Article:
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Opened 6 years ago

Closed 18 months ago

#9064 closed Bug (wontfix)

Redirect is broken when HTTP_X_FORWARDED_HOST contains multiple hosts

Reported by: Artur Owned by: nobody
Component: HTTP handling Version: 1.0
Severity: Normal Keywords:
Cc: Triage Stage: Accepted
Has patch: yes Needs documentation: no
Needs tests: no Patch needs improvement: yes
Easy pickings: no UI/UX: no

Description

HttpRequest.getHost uses HTTP_X_FORWARDED_HOST as a primary method of acquiring the host name of the server but does not take into account that it can be a list of multiple hosts separated by comma. Only the first host should be used if the header contains several.

Attached a patch for separating at the first comma if multiple hosts are listed.

Attachments (1)

multiple_proxies.patch (547 bytes) - added by Artur 6 years ago.

Download all attachments as: .zip

Change History (12)

comment:1 Changed 6 years ago by tommycli@…

  • Needs documentation unset
  • Needs tests unset
  • Patch needs improvement set

The current patch seems to work. It's meant to patch against trunk/django/http/__init__.py .

However, the patch doesn't specify which file it's applied to. Please resubmit with the proper directory hierarchy information.

comment:2 Changed 6 years ago by kratorius

  • Component changed from Uncategorized to HTTP handling
  • Has patch set

Changed 6 years ago by Artur

comment:3 Changed 6 years ago by Artur

Fixed directory hierarchy information in patch

comment:4 Changed 5 years ago by ericholscher

  • Triage Stage changed from Unreviewed to Accepted

I remember being bitten by this as well. Marking it as accepted because if some agents are forwarding these headers and it's breaking, we should probably take it into consideration.

When searching for similar tickets, I found a ruby on rails ticket dealing with the same issues: http://dev.rubyonrails.org/ticket/3397

It appears they are honoring the last host. It also seems to be happening when there are multiple proxies in front of Django.

comment:5 Changed 5 years ago by mtredinnick

We really shouldn't be using this header to compute redirects at all. if the hostname has been changed as part of the transmission process, it's up to the servers doing the changing to do rewrites on the way out as well. The best solution here is to ditch it altogether. Systems relying on this are arguably broken. Not holding my breath, though, since some people seem to like.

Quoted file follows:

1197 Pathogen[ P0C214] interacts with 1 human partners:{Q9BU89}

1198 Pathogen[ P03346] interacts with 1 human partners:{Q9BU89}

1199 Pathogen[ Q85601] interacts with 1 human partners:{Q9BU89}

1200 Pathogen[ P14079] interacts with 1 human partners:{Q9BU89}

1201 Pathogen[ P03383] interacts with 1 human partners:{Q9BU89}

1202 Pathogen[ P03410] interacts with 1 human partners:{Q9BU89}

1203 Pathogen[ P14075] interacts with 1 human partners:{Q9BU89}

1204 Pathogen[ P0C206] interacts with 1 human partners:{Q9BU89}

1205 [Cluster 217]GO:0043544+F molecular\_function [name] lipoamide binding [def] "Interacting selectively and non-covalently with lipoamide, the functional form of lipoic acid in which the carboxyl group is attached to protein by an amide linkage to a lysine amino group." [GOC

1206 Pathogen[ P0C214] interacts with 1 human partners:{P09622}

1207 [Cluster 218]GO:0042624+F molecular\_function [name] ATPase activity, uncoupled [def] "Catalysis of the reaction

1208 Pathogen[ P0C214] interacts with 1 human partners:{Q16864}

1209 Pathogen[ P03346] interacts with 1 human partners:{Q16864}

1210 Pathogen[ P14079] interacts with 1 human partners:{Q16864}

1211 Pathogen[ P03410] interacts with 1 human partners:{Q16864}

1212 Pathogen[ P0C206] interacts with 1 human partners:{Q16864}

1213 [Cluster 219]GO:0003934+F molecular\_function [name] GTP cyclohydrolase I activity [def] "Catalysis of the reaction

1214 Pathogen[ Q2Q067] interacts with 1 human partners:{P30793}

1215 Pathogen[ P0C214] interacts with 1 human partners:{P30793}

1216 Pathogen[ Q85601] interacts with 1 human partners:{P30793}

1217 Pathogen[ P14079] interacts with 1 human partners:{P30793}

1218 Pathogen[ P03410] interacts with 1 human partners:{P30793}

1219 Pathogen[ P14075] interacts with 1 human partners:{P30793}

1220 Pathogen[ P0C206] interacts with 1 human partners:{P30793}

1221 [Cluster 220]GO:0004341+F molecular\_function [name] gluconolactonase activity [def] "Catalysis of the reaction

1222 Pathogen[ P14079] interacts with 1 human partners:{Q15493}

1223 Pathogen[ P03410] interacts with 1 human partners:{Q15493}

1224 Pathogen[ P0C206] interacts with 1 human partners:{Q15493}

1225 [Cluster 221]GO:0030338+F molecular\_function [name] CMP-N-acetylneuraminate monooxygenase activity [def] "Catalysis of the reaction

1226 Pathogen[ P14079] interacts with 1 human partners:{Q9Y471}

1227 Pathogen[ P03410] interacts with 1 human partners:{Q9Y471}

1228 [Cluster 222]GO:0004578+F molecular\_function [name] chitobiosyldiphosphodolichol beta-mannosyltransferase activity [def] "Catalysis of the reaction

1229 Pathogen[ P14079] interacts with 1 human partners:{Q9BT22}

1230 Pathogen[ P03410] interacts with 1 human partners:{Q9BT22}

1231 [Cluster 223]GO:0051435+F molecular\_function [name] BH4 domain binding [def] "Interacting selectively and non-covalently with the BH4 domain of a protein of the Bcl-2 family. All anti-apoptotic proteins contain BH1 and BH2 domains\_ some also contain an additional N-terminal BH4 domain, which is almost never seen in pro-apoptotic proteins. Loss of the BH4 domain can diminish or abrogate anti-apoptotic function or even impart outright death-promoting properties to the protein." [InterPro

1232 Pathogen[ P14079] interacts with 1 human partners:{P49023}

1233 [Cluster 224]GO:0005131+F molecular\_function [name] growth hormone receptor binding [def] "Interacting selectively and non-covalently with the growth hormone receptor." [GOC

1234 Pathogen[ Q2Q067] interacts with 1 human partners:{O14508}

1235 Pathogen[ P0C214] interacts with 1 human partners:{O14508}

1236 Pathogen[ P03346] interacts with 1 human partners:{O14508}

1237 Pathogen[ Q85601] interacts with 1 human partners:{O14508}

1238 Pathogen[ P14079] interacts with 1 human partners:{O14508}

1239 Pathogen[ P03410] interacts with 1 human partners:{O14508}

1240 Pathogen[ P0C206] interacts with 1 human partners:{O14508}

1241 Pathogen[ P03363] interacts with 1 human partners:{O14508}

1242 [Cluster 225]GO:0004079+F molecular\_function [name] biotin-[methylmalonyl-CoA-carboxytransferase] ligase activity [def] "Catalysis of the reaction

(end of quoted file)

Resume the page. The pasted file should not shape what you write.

Note, also, there was a huge thread about the complete lack of standardisation and variance in behaviour for the X-FORWARDED-HOST header two or three years ago on django-dev. Here's one thread, although I have a memory there was another as well at some point. Unsurprising that it's confusing, since it's an "X-*" header (totally non-standard).

comment:6 Changed 4 years ago by louis

Ran into problem myself. Using django (1.1.1 final), mod_python, apache2 and nginx (as proxy).
The previous patch didn't work in my case but below did:

LINE 45:
    def get_host(self):
        """Returns the HTTP host using the environment or request headers."""
        # We try three options, in order of decreasing preference.
        if 'HTTP_X_FORWARDED_HOST' in self.META:
            host = self.META['HTTP_X_FORWARDED_HOST']
            host = host.split(',')[-1].strip()
        elif 'HTTP_HOST' in self.META:
            host = self.META['HTTP_HOST']
            host = host.split(',')[-1].strip()
        else:
            # Reconstruct the host using the algorithm from PEP 333.
            host = self.META['SERVER_NAME']
            host = host.split(',')[-1].strip()
            server_port = str(self.META['SERVER_PORT'])
            if server_port != (self.is_secure() and '443' or '80'):
                host = '%s:%s' % (host, server_port)
        return host

comment:7 Changed 3 years ago by aaugustin

The question here is "how to use X-FORWARDED-HOST?", but #6880 asks "should we use X-FORWARDED-HOST at all?" and contains a patch to not use it anymore. If this patch is applied, the problem discussed here vanishes.

get_host is the only place in Django that uses the non-standard X-FORWARDED-HOST header. I think removing it is the correct way to go:

  • Like mtredinnick said, reverse proxies are supposed to do the rewrites both on the request and the response.
  • Developers with a weird proxy setup may write their own middleware to do tweak headers.
  • People using the remote address for geolocation are facing very difficult problem, for which Django can not provide a generic solution. Consider the setup below: you would probably want the address of the Internet-facing proxy; how is Django supposed to find it in the list of 5 IPs in X-FORWARDED-HOST?
    user on private network -> internal proxy -> Internet-facing proxy -----> load-balancer -> reverse proxy -> Django
    

Finally, even if a decent solution was found for this problem, there would still be a parallel issue with is_secure (see also #6548) as proxies can convert from HTTP to HTTPS and vice-versa. I do not know how that one could be resolved.

comment:8 Changed 3 years ago by lukeplant

  • Severity set to Normal
  • Type set to Bug

comment:9 Changed 2 years ago by aaugustin

  • UI/UX unset

Change UI/UX from NULL to False.

comment:10 Changed 2 years ago by aaugustin

  • Easy pickings unset

Change Easy pickings from NULL to False.

comment:11 Changed 18 months ago by aaugustin

  • Resolution set to wontfix
  • Status changed from new to closed

Django no longer interprets X-Forwarded-Host headers by default, for security reasons. See also #6880.

Generally speaking this header isn't necessary if proxies under the owner's control are properly configured.

So I'm going to close this ticket, essentially for the reasons given by Malcolm in comment 5.

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